Ice picking our way through on the glacier walk on Sólheimajökull Glacier was quite the dream. Although we were guided through the labyrinth of a glacier tongue extending down from the fourth biggest glacier in Iceland, the cold winds and the sudden mild blizzard didn't help. The architecture was majestic, but it was slightly daunting to be enveloped by tall mountain ranges in the distance. You feel like you're buried in a whiteout, surrendering to God's amazing creations.
Driving out of Reykavik (Rey-kya-vik) armed only with maps and a GPS was one of the best scenic road trips I ever had, combing through the extensively unspoiled nature. We took the Golden circle route in South Iceland initially, covering about 300km looping from the main city district into central Iceland - this got us through Pingvellir national park (a UNESCO world heritage site), lunch at Gullfoss waterfall (translated as 'golden falls') which was one of the most painful lunches I had as I couldn't feel my hands, much less savour my ham sandwich, and Haukadalur, an active geothermal valley which had Strokkur and Geysir geysers. Driving up North, we explored Pingvellir, Glymur and the Hvalfjordour region, and stopped by small towns like Akranes, Borgarnes and Hellnar, just to poke our noses into how countryside Nordic life is like. Some of our leisure drives also found us looking out for Kerið crater and 101 other waterfalls including Seljalandsfoss and Skógafoss along a coastal drive. Others found us mounting random hills (okay, mostly the guys) and walking on thin ice.
The main roads are smooth to drive on, and some roads and sidewalks branching out from Reykavik are heated by geothermal energy to melt ice (not that we even realized, but we read about it). But if you steer off the beaten path, you may find yourself well in several inches of snow or gravel.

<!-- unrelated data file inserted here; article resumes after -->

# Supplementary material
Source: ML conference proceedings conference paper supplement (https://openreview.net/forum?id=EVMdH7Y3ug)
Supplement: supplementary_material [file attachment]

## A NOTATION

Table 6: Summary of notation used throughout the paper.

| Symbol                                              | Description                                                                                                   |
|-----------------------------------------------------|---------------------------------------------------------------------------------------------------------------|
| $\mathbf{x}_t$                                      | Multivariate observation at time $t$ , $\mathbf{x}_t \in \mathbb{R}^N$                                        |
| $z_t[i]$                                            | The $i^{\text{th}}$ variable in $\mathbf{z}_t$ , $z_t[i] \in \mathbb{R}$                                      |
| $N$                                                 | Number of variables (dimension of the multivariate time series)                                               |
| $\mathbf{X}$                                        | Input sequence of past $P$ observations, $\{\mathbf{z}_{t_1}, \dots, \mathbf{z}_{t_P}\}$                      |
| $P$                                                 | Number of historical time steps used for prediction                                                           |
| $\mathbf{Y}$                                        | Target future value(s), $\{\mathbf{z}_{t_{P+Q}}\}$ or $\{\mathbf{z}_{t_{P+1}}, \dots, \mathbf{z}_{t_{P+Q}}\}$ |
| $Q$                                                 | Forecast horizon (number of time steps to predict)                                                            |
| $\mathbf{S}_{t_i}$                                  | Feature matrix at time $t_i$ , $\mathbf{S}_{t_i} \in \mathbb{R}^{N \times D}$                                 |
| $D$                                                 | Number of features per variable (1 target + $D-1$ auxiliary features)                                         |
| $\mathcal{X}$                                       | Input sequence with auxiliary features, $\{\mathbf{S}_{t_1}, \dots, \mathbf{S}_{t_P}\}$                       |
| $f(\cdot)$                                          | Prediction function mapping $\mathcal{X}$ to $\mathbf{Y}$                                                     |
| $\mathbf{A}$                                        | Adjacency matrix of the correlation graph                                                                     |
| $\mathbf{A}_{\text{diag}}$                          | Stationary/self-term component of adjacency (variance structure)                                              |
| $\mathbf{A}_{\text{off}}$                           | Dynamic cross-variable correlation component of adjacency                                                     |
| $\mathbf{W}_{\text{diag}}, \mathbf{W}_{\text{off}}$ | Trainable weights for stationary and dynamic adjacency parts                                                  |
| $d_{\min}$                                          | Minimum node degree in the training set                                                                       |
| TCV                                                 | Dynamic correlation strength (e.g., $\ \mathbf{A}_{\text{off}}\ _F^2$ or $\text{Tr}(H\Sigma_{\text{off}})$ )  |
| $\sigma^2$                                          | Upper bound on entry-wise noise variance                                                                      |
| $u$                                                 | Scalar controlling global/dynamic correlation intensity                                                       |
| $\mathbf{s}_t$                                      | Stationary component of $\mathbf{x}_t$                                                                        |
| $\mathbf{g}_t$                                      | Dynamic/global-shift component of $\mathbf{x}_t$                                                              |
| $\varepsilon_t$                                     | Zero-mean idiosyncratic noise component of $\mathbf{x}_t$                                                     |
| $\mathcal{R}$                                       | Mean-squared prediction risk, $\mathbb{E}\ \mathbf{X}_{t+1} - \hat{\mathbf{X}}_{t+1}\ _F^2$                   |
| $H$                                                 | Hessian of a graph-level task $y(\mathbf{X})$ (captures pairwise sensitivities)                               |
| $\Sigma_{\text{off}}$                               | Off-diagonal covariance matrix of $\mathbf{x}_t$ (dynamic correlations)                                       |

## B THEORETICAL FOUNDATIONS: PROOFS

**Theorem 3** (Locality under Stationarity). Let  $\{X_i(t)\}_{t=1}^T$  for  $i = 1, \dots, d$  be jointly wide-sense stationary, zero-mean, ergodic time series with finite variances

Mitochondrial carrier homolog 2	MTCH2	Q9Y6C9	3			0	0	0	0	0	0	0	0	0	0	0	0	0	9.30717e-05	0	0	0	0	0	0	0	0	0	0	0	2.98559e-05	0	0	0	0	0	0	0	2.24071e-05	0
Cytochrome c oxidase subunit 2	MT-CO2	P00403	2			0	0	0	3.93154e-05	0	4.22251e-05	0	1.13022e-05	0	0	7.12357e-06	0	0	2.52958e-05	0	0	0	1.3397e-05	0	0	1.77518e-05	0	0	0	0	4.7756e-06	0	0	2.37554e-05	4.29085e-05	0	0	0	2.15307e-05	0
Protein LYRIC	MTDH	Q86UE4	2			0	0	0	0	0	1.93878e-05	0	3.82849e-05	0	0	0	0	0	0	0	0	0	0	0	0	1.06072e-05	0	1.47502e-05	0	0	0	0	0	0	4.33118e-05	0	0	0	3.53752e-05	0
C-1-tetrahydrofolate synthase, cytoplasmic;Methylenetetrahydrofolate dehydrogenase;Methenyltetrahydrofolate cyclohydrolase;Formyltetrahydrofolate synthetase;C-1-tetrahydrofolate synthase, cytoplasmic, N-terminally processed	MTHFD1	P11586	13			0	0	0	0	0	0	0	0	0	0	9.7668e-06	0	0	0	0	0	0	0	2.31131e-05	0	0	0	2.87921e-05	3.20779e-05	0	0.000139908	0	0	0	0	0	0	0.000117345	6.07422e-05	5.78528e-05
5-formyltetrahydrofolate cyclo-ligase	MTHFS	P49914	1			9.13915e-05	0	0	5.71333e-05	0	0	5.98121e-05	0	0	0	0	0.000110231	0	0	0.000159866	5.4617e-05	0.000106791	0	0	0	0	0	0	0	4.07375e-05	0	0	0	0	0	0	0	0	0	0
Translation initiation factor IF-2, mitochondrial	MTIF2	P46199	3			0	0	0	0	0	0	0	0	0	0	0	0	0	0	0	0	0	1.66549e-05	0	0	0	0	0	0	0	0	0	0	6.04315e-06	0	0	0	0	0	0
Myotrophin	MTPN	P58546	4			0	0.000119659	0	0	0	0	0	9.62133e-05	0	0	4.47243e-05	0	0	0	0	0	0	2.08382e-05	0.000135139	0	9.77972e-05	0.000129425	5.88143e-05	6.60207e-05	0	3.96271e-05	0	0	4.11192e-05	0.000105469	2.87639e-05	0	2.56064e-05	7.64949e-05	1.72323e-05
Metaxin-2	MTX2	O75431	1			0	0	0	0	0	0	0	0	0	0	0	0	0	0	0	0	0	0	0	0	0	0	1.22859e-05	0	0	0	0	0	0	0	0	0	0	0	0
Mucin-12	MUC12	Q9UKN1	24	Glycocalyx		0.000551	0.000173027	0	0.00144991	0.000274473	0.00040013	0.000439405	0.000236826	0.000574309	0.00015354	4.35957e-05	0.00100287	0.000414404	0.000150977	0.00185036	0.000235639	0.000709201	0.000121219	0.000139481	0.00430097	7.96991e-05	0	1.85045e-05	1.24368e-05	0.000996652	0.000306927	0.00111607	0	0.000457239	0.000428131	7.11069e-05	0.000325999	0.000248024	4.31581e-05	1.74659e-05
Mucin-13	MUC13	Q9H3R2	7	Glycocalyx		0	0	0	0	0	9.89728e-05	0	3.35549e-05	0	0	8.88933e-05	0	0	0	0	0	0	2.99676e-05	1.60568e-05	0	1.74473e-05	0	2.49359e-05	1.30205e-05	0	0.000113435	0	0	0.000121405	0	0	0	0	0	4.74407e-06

Renting a car from Sadcars, we poked our noses into countryside Nordic life along the island's west coast. We headed North from the city of Reykjavík and drove towards the direction of the Snæfellsnes Peninsula - going through the Hvalfjörður tunnel and making pitstops at the towns of Akranes, Borgarnes and Hellnar. These spots were randomly picked out by us on our paper maps, but just remember to select them properly on the GPS and you're set to go. We had a peek into the local neighbourhood as the towns turned out to be hidden gems on our road trip. We also somehow walked into the back alleys of a fishing factory, not surprising as the fishing industry is pretty big in the country. I think the local workers were rather amused to see us, but were friendly enough to say hi! Looking back, I love how the arctic coastline and the occasional Nordic wooden house blended into an unassuming composition with the background mountain range, exuding such a quintessentially Icelandic charm. Even a simple stroll along the beach envelopes you in awe as the snow capped mountains stare down on you - God's creations are sure sublime.
There are many chances to stop along the West coast route to take in the landscapes - these were taken enroute back to Reykjavik, love how the setting sun casted a golden tinge when we stopped for some Icelandic ponies. I've seen many of them grazing along the roads but because I gave R barely 100m of leeway distance to brake and make a pitstop each time, we had to give them a miss time after time. It was lovely that we got to finally stop and spend some time admiring these docile creatures ♥ Along the way back, we got to witness the setting sun with gradients in the sky, such an unforgettable sight!
One of the last things we did in Iceland was to make our way down to the Blue lagoon, a geothermal spa located in the South. It was an interesting experience to dip into the outdoor thermal pool set in a lava field, for the refreshing warmth was extremely comforting in the winter cold! The water is said to be extremely rich in minerals, which is excellent for the skin and health. They also had a special mud mask available that you could scoop a generous amount to slab onto your face, and later wash off with the water. Compared to Japanese onsens, the water was not boiling and was at a comfortable 40 degrees celsius max, but it also did not reek of sulphur which was a pleasant delight. There was nothing much beyond the pool for the standard ticket price (a whooping Euro 33 per entry), unless you purchase premier packages for the renowned spa, hotel and restaurant facilities. Being only 20 minutes from the international airport, it's a perfect layover stop if you happen to transit in Iceland.